For those who had not jumped from the upper levels to escape the inane song in sweet and welcome death, a few treats were in store.  One of the low level producers let the crowd know what to expect: we would be filmed for TV – all 12,000 of us.  We were to shout ridiculous phrases and then jump up and do the wave and hold up banners (if we had them) as the camera panned around the coliseum.  They had us chant, “If Scotty McReery can do it, so can I!”  and “I am the mouth of the south!”

It was at this point that I elected to get in one of many long lines to buy an some way over-priced  food.

In line, I was pleased to find I had escaped singing along with the crowd for the filming of  “Edge of Glory.”  Although I sound bitter, this is not the case:  we had air conditioning, a seat that was not pavement, and eventually, we even saw Ryan Seacrest – the AI people could have gotten anything from us.  Anything except $6.50 for a bottle of water!

Ryan got the crowd genuinely excited for about 30 seconds, then evaporated for the remainder of the day.  This made the entire trip “worth it” for Clarke, so I was glad for that. The low level producer then explained how the sections of the coliseum would be brought to the floor of the complex, lined up in groups of four and marched up to one of the 12 tables of judges beginning at around 11 am. (And you will be shocked to know that J-Lo, Randy and Steven were not present at any of those tables.)

After an early lunch of salted soft pretzel for me and nachos without cheese for Clarke, we shared a $3.50 clear soda to save her white dress from any insult or injury.  While we waited for Clarke’s turn, thousands of contestants marched up to the judges and did what they came to do.  Winners exited to the “winners room” stage left with a  golden ticket (but not THE golden ticket) and non-winners had the long walk of shame to the right of the coliseum.  Guardians of contestants under the age of 18 were put in a corner of the floor of the coliseum that I referred to as “parent time out” to await their childrens’ fate.

Let me insert here a few notes about a full coliseum of very talented and nervous individuals.  The singing one hears in the hallways, corridors, sections of seating areas and from the floor during auditions is phenomenal.  There is a TON of talent out there and a 15 year old can get a bit shaken up.  And at any point the producers can say, “Thank you for coming out, but we’re done.  Try again next year” and they will pack up their kit and kaboodle and leave like the Cat in The Hat.  So, part of the nerves everyone feels is whether there will be an audition at all.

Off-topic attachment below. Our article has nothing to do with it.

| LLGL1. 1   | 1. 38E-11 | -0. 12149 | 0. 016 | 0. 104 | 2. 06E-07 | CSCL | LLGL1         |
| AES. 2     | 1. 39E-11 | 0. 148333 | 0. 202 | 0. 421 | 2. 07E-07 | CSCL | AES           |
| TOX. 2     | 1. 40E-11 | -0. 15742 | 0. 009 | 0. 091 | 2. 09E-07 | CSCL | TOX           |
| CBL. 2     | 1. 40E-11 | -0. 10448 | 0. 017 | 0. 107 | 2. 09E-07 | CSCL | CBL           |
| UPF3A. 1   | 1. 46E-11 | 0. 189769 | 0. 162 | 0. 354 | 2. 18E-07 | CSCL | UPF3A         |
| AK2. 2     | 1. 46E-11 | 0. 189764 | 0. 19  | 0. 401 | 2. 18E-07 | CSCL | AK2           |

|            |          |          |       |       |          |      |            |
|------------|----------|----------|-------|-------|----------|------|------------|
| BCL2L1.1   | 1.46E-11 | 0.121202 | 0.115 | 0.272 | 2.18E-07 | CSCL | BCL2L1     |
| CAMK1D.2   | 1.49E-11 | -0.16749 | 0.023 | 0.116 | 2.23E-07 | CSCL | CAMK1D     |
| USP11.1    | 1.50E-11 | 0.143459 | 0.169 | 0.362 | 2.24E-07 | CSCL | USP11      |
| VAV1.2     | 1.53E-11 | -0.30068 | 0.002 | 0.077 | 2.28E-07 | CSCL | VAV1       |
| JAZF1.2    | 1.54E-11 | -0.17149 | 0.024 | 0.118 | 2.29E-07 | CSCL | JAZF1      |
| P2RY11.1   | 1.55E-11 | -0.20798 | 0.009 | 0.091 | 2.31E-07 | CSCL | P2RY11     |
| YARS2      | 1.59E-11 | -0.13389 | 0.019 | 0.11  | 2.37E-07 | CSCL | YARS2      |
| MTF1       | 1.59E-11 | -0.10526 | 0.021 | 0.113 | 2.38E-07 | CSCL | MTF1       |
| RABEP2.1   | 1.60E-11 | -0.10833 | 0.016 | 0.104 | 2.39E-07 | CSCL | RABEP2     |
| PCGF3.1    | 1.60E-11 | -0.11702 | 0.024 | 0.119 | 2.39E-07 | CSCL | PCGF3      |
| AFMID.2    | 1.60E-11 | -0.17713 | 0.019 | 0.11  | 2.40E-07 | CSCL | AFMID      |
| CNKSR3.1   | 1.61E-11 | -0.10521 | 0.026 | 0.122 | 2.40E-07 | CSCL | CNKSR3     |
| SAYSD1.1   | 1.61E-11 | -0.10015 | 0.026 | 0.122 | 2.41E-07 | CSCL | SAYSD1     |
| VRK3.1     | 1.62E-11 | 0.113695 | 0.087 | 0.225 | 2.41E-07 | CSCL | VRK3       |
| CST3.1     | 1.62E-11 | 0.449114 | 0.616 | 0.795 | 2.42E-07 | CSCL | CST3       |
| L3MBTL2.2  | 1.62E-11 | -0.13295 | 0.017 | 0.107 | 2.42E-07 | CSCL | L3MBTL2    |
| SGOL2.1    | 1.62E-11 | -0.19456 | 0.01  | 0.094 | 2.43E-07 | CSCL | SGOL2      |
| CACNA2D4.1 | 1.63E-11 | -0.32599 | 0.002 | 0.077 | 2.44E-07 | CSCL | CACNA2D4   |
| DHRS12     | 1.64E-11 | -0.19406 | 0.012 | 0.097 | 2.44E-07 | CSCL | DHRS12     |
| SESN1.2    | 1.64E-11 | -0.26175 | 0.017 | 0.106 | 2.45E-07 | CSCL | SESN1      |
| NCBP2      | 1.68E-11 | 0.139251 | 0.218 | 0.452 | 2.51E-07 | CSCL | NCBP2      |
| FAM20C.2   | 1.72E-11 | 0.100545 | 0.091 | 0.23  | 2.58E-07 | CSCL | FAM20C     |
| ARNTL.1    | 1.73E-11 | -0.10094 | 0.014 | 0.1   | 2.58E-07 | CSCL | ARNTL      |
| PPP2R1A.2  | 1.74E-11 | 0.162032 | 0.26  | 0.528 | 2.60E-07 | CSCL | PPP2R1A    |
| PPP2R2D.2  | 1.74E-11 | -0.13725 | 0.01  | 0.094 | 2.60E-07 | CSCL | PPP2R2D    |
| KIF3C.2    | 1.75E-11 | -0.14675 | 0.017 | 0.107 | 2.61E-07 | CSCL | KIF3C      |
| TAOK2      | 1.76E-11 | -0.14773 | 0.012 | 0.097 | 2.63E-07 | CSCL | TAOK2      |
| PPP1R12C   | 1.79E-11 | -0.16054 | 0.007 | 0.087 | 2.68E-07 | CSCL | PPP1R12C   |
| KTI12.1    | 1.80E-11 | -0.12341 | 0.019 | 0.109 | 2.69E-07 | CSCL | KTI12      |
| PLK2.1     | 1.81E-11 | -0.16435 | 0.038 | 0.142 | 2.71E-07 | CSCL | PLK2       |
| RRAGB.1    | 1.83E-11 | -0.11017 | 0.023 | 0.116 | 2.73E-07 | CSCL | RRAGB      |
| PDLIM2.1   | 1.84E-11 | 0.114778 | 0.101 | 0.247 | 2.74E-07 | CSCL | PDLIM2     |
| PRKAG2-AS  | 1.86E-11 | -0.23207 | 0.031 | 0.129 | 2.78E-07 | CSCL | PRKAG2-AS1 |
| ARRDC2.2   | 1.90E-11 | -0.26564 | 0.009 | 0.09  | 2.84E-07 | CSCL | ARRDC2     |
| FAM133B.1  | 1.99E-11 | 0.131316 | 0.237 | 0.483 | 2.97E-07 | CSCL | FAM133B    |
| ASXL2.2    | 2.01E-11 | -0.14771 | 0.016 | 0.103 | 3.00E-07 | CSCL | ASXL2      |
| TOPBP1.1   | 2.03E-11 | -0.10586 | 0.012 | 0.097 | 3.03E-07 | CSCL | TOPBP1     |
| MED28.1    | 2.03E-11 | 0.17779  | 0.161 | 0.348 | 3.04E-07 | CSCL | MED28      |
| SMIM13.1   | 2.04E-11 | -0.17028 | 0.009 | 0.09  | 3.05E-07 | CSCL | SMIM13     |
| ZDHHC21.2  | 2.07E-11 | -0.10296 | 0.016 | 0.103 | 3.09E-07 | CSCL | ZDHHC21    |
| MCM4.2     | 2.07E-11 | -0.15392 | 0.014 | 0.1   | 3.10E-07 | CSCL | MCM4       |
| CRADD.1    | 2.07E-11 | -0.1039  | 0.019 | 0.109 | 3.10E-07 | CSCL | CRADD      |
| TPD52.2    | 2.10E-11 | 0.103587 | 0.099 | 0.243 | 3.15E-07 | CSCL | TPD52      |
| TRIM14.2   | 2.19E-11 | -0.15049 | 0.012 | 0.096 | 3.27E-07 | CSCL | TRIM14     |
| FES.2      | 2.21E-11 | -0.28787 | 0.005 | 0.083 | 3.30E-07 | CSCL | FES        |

The smell of bathrooms reflect the fear in a major and unsettling way.

During the first part of the morning, golden tickets are handed out like candy.  One after another walks left to the cheers of their peers and a few quietly take the walk of shame to the right.  By lunch hour, less and less walk left and more and more walk right.

Clarke’s chance to audition did come around 3 pm.  Tickets were fewer and fewer and I was just grateful she was getting a chance to sing.  Her practicing had been lovely and hopefully intimidating to those around her.  I went to parent time out and she began the long journey toward her chance.  As I stood on the floor, I heard one after another incredible voice and watched in shock the rejection of many talented individuals.

I did not get to see or hear Clarke’s audition — parent time out was near table 12 and Clarke’s audition was at table 2.  So I shook and prayed and kept my eyes glued southward.

Waiting for Clarke to emerge from the other end of the floor seemed longer than waiting to give birth to her, I swear, and I had no drugs to dampen my anxiety.  She emerged finally with the other three contestants from her table, got her wrist band snipped by some soul-less drone and began, not the walk of shame toward me, but a walk of extreme grace — with a large smile and arms stretched out for a hug.  I ran out to greet her, arms out too and heard Parent Time Out heave a collective “awww” for us.  I was doomed to cry either way, but I was so very, very proud of her and would do it all over again.

She got some good feedback – she got to sing 2 songs (Alison Krauss’s “Lucky One” and Paramour’s “When it Rains”) and they said she did very well but that she was still young and had time on her hands.  They encouraged her to come back again in a year or two, reminding her that Haley Reinhart didn’t make it her first time either and that David Cook was 28 when he won.  So, I see a return trip in our future – the girl just rocks.

Lessons learned for next time:

1. Register early – EARLY and get a good seat and audition before the judges are sick of everyone.

2. Ignore the rule that say “one bottle water can be brought per person” — bring three each in your back pack.

3. Ignore the “no chairs” rule.  They have a place for the chairs to be stored before you enter the venue that can be picked up later.

4. Once you are registered and have your seat, there is no need to show up at 5 am to stand in line.  Arriving by 7 should be sufficient.  If you still feel the need to get there at 5 am, get to the port-o-johns before the sun comes up.

5. Do not be intimidated by other singers.  There is a lot of talent out there; the fact that someone else can sing does not diminish your own abilities.